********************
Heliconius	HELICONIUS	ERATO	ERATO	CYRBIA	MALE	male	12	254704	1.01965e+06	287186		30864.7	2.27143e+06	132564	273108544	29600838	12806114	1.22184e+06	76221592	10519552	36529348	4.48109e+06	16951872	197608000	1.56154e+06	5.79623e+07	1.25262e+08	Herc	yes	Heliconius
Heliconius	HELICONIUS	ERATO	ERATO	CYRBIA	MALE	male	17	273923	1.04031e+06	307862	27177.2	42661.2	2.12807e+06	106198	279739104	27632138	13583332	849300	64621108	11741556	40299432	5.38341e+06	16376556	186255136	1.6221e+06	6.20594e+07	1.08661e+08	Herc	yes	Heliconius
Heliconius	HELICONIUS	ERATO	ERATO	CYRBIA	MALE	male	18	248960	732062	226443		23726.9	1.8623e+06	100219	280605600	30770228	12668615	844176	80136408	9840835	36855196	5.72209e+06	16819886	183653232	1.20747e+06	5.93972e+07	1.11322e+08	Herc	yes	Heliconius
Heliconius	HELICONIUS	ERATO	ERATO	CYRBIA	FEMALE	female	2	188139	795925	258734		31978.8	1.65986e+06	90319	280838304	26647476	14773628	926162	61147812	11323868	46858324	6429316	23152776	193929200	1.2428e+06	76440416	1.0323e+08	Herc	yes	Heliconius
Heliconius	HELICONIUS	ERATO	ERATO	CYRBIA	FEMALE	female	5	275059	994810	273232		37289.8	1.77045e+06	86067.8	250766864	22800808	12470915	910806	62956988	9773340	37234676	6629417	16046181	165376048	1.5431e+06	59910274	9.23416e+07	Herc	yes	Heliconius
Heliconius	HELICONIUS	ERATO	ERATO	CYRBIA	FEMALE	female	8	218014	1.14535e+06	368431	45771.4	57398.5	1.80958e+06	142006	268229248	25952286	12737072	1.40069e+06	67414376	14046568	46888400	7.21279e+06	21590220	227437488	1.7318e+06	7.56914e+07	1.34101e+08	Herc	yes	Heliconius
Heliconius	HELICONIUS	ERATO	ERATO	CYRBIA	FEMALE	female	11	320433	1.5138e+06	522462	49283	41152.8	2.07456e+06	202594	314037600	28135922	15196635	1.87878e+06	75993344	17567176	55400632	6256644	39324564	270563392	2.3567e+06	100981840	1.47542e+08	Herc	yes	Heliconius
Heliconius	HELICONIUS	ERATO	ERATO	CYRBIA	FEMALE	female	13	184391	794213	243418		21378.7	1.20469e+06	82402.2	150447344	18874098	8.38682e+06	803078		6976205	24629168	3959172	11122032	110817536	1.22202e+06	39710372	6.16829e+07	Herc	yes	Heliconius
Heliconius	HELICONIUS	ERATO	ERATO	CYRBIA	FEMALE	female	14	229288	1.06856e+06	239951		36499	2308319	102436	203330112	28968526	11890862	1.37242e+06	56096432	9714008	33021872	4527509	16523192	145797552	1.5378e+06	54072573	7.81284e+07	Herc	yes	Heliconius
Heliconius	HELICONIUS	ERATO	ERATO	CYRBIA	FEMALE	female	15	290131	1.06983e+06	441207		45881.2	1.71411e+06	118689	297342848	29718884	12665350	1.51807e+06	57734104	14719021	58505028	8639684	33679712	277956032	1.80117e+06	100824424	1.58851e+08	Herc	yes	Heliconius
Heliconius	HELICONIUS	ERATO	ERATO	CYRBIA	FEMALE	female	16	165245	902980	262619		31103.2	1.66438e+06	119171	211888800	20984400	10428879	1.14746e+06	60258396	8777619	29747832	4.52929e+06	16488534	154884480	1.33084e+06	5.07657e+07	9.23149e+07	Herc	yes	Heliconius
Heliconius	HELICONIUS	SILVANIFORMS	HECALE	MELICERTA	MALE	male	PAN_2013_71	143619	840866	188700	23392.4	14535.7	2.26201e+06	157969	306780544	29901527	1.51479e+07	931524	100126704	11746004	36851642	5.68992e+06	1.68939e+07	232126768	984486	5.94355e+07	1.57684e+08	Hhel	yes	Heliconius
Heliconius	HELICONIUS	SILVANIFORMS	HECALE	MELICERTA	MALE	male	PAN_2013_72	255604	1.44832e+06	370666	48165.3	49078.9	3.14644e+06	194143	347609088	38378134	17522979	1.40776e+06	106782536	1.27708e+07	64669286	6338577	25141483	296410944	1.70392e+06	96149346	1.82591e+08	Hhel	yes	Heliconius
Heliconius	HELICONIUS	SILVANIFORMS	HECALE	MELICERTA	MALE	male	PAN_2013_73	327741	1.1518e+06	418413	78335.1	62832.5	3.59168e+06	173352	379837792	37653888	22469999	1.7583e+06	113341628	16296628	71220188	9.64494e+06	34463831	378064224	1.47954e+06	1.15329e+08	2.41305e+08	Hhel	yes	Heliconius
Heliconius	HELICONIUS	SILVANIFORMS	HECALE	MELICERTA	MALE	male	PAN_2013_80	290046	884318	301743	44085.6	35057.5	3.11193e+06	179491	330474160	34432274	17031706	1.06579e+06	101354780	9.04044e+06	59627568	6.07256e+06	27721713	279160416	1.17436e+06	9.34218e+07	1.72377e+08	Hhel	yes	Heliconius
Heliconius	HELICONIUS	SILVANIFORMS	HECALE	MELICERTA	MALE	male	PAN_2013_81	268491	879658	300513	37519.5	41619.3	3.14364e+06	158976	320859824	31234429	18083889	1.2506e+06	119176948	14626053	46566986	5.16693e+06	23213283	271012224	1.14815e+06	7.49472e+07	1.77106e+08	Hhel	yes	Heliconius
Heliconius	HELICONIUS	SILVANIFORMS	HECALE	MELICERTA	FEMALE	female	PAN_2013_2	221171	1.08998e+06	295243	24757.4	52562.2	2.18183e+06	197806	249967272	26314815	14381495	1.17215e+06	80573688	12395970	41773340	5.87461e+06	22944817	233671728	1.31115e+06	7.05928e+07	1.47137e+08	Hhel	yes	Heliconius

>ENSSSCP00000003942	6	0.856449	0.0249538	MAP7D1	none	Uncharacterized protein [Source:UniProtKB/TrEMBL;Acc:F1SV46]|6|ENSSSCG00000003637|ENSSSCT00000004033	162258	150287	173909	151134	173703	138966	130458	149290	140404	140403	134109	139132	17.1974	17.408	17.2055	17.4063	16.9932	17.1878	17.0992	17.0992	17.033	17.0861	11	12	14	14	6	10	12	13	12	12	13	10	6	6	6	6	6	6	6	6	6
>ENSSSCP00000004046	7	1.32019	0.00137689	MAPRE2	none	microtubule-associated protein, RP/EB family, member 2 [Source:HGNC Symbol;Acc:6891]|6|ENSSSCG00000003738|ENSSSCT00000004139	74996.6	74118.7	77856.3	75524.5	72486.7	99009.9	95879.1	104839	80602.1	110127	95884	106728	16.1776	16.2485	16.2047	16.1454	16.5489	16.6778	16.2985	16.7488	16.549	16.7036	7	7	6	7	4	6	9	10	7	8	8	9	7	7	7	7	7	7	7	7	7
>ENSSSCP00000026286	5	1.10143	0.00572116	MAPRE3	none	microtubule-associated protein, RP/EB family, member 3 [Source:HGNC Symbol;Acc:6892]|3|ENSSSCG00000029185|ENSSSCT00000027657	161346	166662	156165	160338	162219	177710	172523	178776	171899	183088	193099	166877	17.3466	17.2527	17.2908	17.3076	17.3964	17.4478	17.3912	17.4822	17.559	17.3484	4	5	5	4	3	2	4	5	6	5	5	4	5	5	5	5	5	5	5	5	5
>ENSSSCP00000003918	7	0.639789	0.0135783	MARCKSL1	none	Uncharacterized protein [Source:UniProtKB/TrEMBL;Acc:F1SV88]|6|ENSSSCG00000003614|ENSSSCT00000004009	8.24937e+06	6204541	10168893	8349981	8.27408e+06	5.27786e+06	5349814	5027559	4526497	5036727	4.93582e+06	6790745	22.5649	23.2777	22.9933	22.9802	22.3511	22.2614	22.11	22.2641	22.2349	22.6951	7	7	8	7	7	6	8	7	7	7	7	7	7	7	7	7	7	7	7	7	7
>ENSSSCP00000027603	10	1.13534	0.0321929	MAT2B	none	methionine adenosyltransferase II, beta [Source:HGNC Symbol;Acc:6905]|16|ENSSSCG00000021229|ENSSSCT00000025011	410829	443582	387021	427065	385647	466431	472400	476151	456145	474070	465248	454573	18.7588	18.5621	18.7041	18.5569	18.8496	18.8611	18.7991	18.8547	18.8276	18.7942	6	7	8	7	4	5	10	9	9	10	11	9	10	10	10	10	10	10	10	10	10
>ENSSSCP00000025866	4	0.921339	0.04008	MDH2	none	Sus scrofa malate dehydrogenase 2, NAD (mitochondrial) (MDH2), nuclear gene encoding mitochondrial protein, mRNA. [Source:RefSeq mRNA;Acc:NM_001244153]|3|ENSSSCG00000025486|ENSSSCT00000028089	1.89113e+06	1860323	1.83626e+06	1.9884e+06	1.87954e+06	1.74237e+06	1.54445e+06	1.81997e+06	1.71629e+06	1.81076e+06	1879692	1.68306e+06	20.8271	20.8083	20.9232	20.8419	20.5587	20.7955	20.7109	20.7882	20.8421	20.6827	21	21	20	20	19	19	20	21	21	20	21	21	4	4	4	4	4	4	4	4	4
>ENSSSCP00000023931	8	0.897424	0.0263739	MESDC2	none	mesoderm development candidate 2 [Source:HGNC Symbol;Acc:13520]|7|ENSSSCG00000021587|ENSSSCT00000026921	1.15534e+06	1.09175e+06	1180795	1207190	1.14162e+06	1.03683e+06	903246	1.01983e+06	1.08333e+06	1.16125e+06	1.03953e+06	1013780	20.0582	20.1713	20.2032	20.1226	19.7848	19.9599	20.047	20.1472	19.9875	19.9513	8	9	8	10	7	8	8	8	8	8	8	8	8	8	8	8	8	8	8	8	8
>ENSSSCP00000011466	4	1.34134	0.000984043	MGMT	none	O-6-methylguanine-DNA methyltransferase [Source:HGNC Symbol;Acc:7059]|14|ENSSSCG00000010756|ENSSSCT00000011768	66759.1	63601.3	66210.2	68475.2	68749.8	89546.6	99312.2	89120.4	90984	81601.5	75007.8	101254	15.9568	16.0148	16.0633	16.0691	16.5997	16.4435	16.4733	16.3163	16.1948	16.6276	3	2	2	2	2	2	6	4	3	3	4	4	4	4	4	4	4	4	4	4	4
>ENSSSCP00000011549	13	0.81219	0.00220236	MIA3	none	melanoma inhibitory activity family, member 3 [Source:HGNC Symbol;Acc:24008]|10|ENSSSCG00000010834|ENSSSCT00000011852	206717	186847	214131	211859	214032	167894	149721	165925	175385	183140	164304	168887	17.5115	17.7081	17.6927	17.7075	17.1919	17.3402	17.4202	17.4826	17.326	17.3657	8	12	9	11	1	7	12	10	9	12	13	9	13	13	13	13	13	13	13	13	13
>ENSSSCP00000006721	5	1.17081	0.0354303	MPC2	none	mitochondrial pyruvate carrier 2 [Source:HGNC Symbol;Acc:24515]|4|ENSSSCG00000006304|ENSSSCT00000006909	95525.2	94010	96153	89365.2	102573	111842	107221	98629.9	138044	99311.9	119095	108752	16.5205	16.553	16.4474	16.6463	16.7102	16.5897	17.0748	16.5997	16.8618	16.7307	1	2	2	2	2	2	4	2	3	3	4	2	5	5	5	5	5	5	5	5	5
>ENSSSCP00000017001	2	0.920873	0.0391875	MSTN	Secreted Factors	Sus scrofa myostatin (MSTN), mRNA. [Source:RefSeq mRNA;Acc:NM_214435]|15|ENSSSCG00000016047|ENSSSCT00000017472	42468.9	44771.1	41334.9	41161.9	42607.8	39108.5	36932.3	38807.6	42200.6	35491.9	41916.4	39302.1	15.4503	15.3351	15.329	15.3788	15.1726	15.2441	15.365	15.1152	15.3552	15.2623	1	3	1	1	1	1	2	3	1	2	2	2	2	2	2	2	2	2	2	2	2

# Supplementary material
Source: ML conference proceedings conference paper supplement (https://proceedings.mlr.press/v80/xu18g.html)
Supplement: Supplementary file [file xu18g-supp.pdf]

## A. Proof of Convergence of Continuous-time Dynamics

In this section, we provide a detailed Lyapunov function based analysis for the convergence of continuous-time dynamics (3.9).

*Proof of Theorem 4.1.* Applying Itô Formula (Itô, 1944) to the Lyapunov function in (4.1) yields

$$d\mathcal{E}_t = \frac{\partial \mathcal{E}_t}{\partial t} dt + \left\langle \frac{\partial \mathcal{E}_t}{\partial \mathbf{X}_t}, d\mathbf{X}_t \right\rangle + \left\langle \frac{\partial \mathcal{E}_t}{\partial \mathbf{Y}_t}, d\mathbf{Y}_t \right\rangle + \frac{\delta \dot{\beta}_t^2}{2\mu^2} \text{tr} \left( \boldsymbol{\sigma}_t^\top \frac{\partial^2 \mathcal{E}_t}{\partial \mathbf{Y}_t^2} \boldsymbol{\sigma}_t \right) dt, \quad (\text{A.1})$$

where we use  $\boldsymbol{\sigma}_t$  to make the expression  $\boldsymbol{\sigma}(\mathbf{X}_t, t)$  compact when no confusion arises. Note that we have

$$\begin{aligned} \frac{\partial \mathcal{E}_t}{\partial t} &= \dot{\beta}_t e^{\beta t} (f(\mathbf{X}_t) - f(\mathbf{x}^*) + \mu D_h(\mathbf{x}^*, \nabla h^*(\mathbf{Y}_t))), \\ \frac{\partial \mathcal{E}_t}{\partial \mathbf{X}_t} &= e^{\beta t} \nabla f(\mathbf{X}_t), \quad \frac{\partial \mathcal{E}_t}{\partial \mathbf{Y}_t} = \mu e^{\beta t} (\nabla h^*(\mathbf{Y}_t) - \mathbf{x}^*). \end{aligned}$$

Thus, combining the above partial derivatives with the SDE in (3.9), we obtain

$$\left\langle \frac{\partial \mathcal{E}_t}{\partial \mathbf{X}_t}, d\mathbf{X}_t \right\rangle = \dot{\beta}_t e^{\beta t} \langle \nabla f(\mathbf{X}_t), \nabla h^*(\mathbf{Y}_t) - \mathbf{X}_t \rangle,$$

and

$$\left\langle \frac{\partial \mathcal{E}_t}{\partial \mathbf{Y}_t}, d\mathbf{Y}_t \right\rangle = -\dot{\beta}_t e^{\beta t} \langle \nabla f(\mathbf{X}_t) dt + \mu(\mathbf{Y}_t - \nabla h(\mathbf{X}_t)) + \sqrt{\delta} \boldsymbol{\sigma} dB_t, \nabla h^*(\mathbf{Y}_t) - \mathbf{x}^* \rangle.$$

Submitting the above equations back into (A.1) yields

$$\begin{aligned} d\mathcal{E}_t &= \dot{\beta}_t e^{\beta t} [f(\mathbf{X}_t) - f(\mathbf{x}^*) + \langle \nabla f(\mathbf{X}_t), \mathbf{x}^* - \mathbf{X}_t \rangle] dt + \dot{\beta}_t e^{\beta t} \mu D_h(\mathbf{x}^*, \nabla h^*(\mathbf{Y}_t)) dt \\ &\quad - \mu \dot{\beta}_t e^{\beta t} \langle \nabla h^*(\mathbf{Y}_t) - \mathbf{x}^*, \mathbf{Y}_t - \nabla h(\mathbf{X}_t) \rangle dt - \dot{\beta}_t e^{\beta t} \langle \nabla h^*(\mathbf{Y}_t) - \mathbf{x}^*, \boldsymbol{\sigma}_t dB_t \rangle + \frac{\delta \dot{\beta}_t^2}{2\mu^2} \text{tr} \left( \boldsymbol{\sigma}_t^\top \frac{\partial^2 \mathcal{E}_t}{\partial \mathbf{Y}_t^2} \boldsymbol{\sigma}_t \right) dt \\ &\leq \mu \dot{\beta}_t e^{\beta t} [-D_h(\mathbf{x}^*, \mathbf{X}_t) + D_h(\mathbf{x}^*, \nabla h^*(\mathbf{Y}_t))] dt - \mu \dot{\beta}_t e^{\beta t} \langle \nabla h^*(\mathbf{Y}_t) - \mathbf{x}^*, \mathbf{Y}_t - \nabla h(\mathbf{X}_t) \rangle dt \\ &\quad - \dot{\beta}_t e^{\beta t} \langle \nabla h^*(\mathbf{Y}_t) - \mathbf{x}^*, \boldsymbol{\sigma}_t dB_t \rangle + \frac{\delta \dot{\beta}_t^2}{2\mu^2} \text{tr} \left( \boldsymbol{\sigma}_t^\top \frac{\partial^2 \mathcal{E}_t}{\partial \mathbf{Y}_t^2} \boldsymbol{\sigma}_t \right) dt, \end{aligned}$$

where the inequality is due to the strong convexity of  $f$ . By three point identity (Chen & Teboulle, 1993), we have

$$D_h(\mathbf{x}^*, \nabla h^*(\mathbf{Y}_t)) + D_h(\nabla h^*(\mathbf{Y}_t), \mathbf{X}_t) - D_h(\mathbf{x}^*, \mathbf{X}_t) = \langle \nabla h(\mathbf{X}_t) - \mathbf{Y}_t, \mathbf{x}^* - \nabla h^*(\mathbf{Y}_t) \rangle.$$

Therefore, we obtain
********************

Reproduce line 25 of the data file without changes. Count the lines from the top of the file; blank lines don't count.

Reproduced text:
>ENSSSCP00000011466	4	1.34134	0.000984043	MGMT	none	O-6-methylguanine-DNA methyltransferase [Source:HGNC Symbol;Acc:7059]|14|ENSSSCG00000010756|ENSSSCT00000011768	66759.1	63601.3	66210.2	68475.2	68749.8	89546.6	99312.2	89120.4	90984	81601.5	75007.8	101254	15.9568	16.0148	16.0633	16.0691	16.5997	16.4435	16.4733	16.3163	16.1948	16.6276	3	2	2	2	2	2	6	4	3	3	4	4	4	4	4	4	4	4	4	4	4